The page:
Politics & Policy

The Electoral Math against Hillary

Gary Johnson (Lucas Jackson/Reuters)
It will take some maneuvering, but Gary Johnson can make the difference.

Among Republicans who support Trump, there’s a lot of concern that Gary Johnson will win enough Republican votes to swing close states to the Democrats. But there’s a way Trump can use Johnson to take states away from Hillary. In fact, with the right approach, Trump can deny Hillary any chance of wining the Electoral College.

And remember: If no candidate has a majority in the Electoral College, the election goes to the House of Representatives, where each state delegation has one vote. Of those delegations, 32 are majority-Republican, 15 are majority-Democratic, and three are tied.

At the moment, general-election polling has Johnson hovering around 10 percent. That’s 5 percentage points too little to make it into the presidential debate, but it’s enough, in theory, to swing a swing state one way or the other.

Because the Libertarian platform is much closer to the Republican platform than to the Democratic, the conventional wisdom is that Johnson will pull many more votes from Trump than from Clinton. And that will probably prove to be the case. But if Trump’s campaign is willing to try something radical — and the evidence suggests it is — it can use Johnson to keep Hillary out of the White House.

If Trump’s campaign is willing to try something radical — and the evidence suggests it is it can use Johnson to keep Hillary out of the White House.

And to keep Hillary Clinton out of the White House, what strategies shouldn’t we consider?

At the moment, there is limited general-election polling that includes Johnson; a Trump–Clinton–Johnson race has been polled in only a handful of states. And, this long before the election, what polling there is is suspect. Nonetheless, it’s worth noting that there are three solid Democratic states in which polling shows support for Johnson exceeding Clinton’s lead over Trump.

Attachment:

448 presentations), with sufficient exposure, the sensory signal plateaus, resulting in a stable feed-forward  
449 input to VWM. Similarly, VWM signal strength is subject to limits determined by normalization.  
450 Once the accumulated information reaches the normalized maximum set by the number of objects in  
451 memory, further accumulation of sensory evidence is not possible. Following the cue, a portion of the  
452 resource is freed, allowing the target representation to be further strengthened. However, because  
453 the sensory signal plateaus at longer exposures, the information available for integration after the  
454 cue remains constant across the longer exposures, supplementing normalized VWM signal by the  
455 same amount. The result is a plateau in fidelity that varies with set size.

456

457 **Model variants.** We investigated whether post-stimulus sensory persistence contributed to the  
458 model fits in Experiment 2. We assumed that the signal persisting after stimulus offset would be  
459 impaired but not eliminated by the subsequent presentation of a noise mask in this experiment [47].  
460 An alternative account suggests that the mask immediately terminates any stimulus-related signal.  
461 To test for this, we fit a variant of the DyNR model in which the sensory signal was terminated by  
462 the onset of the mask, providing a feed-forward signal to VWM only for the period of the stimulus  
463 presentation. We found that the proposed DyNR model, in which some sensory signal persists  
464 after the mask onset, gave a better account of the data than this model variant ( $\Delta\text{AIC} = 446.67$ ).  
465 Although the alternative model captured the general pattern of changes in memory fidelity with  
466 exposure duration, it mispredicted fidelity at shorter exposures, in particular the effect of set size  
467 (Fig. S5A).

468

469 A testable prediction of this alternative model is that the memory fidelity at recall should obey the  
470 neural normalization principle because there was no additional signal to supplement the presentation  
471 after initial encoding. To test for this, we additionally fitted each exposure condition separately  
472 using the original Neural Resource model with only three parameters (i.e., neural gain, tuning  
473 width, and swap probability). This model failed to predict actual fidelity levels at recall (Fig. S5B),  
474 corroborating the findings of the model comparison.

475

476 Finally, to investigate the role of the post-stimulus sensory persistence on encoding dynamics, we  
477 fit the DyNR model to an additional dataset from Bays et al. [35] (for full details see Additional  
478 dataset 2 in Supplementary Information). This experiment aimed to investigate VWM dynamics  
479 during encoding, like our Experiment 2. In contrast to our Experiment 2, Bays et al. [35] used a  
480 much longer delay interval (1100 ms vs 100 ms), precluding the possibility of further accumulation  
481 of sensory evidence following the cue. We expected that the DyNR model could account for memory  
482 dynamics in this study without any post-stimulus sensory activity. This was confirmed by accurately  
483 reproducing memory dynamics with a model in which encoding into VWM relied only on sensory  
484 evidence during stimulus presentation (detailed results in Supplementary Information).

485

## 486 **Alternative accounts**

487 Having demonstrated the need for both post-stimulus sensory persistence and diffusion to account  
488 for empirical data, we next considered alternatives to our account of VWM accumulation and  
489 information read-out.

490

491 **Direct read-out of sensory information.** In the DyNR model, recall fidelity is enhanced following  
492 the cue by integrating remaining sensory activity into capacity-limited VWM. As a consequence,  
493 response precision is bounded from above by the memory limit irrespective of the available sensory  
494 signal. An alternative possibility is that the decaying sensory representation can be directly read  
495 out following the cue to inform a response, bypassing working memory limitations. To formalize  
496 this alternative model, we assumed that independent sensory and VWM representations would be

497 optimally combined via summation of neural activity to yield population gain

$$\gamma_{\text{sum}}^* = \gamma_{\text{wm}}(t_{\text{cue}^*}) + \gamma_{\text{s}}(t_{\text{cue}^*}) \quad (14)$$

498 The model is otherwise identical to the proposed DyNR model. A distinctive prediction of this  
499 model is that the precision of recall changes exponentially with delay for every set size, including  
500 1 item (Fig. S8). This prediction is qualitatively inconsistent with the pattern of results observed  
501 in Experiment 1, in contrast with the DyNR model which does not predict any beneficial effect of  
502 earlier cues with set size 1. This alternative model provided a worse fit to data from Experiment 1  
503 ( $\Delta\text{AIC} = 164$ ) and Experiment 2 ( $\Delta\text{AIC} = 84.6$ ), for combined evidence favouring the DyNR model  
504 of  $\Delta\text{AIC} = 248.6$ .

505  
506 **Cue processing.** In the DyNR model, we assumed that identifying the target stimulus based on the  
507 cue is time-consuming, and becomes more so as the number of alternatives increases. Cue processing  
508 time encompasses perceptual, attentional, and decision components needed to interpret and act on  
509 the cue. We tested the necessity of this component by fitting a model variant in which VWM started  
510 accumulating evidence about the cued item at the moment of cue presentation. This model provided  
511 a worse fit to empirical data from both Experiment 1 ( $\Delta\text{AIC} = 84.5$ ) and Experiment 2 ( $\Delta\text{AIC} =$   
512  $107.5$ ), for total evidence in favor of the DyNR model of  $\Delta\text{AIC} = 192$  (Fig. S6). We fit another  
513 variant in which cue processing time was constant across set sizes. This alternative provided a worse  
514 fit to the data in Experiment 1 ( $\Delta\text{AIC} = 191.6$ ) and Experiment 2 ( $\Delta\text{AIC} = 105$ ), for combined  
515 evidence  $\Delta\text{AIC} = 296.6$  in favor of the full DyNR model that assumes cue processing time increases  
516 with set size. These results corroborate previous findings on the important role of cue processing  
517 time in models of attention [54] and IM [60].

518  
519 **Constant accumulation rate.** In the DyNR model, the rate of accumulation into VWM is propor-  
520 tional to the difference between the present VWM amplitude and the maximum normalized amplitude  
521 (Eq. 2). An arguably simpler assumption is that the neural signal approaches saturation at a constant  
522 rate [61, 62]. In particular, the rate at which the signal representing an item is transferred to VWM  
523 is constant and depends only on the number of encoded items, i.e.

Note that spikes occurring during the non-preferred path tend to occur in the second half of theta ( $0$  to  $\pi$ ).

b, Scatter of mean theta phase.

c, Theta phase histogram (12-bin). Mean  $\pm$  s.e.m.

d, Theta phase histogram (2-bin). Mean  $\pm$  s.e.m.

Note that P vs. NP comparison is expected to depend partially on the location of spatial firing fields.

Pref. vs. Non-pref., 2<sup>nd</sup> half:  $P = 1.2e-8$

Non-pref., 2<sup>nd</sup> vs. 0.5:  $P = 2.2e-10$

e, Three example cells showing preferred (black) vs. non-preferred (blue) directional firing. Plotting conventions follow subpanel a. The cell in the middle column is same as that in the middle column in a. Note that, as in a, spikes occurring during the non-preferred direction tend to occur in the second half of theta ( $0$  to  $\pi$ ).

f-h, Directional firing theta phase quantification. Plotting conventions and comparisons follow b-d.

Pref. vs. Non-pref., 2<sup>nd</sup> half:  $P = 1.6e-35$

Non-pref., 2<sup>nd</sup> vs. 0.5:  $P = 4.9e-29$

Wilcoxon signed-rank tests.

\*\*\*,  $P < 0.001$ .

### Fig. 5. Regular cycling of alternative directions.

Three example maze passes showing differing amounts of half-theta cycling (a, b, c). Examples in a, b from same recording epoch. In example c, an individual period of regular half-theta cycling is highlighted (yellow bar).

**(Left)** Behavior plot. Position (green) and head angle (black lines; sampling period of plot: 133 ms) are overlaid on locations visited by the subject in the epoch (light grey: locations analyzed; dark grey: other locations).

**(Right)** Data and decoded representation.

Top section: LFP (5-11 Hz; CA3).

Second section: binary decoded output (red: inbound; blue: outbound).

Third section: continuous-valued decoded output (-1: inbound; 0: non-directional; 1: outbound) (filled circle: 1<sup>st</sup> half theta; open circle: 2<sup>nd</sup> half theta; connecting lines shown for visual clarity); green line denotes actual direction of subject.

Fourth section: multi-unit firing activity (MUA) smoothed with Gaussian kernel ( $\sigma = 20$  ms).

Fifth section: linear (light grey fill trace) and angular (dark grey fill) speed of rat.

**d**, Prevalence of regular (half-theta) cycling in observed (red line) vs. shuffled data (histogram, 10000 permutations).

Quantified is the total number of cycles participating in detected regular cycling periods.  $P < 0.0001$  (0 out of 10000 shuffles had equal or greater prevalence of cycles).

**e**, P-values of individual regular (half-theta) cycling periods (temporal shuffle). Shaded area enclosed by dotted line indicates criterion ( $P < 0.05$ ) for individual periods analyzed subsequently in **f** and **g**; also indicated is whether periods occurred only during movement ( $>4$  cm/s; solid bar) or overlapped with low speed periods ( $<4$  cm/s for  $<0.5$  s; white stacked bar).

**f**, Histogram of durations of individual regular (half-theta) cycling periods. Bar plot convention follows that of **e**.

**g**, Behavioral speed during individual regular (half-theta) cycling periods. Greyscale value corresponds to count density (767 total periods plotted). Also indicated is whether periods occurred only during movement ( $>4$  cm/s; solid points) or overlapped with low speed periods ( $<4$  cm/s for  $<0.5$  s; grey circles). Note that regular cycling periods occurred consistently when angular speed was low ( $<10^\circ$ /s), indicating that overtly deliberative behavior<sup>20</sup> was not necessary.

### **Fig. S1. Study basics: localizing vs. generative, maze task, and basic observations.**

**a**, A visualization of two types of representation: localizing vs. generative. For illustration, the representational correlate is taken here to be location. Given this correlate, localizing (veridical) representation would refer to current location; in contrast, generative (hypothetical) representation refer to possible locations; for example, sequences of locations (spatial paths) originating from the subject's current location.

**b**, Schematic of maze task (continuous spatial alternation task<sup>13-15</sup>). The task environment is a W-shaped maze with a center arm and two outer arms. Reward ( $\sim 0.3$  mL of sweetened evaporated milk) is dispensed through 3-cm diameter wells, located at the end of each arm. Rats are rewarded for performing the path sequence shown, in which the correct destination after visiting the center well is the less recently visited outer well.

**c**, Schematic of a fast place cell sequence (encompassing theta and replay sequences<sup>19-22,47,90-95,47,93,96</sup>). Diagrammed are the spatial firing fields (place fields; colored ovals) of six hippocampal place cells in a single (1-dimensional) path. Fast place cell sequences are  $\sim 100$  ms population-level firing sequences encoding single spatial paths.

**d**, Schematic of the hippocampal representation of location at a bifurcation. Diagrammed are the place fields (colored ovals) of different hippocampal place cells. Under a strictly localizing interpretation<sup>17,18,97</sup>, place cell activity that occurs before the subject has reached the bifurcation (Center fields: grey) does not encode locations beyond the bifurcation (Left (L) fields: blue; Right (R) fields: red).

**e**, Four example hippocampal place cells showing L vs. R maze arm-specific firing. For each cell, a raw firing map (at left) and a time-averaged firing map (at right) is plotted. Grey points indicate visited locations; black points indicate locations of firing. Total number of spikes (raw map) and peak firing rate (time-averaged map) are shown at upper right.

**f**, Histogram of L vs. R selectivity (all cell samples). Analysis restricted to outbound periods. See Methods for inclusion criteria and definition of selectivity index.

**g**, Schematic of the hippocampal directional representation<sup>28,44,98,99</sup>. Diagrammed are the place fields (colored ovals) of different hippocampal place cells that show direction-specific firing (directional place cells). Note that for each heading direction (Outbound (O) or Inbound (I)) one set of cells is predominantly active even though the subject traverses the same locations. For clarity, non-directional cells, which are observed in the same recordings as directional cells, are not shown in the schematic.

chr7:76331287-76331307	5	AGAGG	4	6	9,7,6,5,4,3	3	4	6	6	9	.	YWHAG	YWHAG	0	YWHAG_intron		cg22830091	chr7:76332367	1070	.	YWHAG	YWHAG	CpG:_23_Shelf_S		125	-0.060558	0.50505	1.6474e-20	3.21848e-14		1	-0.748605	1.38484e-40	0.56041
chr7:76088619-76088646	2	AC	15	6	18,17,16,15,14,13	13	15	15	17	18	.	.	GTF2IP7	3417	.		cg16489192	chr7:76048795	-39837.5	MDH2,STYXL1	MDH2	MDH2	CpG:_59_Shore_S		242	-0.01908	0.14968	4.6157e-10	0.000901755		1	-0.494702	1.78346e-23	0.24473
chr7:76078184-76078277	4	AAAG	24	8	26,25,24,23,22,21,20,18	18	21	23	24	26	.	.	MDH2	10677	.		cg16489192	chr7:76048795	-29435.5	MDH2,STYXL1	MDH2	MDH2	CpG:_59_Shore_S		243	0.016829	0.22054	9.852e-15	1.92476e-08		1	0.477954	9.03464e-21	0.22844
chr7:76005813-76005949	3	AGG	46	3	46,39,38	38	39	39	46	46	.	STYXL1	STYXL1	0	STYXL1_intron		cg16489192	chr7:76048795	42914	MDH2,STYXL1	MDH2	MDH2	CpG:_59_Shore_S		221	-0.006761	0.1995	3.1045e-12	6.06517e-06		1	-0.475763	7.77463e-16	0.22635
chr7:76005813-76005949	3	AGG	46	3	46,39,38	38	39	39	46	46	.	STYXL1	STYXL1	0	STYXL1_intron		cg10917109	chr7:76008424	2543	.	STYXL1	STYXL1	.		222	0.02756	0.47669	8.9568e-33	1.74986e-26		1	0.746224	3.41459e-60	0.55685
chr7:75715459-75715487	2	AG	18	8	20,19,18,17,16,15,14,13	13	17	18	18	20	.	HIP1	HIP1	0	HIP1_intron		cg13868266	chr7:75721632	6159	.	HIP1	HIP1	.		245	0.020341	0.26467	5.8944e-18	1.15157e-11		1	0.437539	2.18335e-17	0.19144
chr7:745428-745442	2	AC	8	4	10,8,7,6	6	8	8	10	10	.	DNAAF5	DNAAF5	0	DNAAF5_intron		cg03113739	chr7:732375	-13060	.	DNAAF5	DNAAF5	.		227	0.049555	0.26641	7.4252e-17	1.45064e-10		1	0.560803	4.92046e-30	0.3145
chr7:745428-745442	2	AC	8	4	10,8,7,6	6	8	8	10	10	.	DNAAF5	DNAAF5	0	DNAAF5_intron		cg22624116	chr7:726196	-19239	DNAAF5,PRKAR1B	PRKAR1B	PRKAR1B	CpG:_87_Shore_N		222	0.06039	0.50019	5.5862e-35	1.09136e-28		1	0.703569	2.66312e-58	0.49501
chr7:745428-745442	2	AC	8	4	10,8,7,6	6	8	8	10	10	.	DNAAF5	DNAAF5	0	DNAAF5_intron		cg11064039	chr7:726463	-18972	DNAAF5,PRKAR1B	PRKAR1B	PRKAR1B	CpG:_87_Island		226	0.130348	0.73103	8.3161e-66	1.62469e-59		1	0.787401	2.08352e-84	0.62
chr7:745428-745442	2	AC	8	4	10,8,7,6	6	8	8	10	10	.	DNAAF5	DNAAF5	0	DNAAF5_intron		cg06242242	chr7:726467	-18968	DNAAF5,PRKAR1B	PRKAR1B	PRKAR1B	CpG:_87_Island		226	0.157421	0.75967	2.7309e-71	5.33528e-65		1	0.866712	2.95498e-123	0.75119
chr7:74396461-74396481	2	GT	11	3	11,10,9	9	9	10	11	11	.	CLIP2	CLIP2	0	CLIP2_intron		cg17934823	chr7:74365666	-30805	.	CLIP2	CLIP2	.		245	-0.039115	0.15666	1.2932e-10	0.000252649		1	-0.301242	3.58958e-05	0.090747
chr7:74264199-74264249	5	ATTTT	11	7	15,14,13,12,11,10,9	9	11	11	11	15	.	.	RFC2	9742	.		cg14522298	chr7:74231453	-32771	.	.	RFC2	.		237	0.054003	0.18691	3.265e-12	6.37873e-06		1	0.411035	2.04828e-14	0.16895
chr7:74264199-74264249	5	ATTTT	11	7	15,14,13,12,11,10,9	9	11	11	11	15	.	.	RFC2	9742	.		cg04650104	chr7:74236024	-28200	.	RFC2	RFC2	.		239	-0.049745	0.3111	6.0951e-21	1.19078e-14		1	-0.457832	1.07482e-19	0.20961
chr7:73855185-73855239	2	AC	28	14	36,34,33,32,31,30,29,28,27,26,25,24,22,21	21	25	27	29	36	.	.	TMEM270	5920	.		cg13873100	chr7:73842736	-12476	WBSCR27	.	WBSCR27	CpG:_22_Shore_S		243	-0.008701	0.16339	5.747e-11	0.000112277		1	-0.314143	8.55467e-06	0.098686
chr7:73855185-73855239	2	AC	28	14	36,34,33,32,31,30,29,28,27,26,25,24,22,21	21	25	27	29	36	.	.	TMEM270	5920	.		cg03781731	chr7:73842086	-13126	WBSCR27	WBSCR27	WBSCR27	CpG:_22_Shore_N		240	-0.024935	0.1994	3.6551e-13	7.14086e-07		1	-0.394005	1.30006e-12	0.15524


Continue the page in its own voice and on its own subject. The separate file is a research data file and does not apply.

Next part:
Which means that if Trump’s supporters were to vote Johnson, Hillary could be denied those states’ reliably Democratic electoral votes.

In New Mexico, where Johnson was governor for eight years, he’s currently polling at 14 percent, while Clinton leads Trump by 8. In Michigan, Johnson is at 12, while Clinton leads Trump by 4. In Connecticut, Johnson is at 6, with Clinton leading Trump by 5.

If these numbers are right (and if they don’t change too much before November), Trump could take New Mexico, Michigan, and Connecticut from Hillary by asking his supporters to vote strategically, for Johnson. Those three states combined have 28 electoral votes. Denying Hillary those 28 votes would mean she could (among swing states) win Colorado, Nevada, Virginia, Florida, Wisconsin, and New Hampshire and still fail to win a majority in the Electoral College. In which case the House would elect either Johnson or (much more likely) Trump.

While there’s no Trump–Clinton–Johnson polling yet in Maine, Minnesota, Oregon, or Washington, Johnson’s support might well exceed Hillary’s lead over Trump in those states as well — Romney did better in each of those states than in Connecticut, and each has a libertarian streak to it. They have a total of 33 electoral votes; combined with the votes of Michigan, Connecticut, and New Mexico, that’s 61 total. If Trump were able to tip all those states to Johnson, Hillary could win every single swing state but North Carolina, and still fail to win an Electoral College majority. Which, again, would send the vote to the House (and, again, Hillary would certainly lose).

So why wouldn’t Hillary, by the same token, try to use Johnson to tip Georgia, Arizona, or Utah away from Trump? She could, of course — but unlike Trump (or Johnson), who would be backed up by a Republican House, she can win only if she achieves an outright electoral majority. So there wouldn’t be any point. All she’d succeed in doing would be running down her vote total.

Such a general-election strategy would be highly unorthodox. There would be some playing with fire involved. But that’s something Trump has proved very willing to do.

And remember: Rubio, Cruz, and Kasich tried the same thing (more or less) in the primaries. It worked in Ohio. Someone call the Trump campaign.

Josh GelernterJosh Gelernter is a former columnist for NRO, and a frequent contributor to The Weekly Standard.


The Latest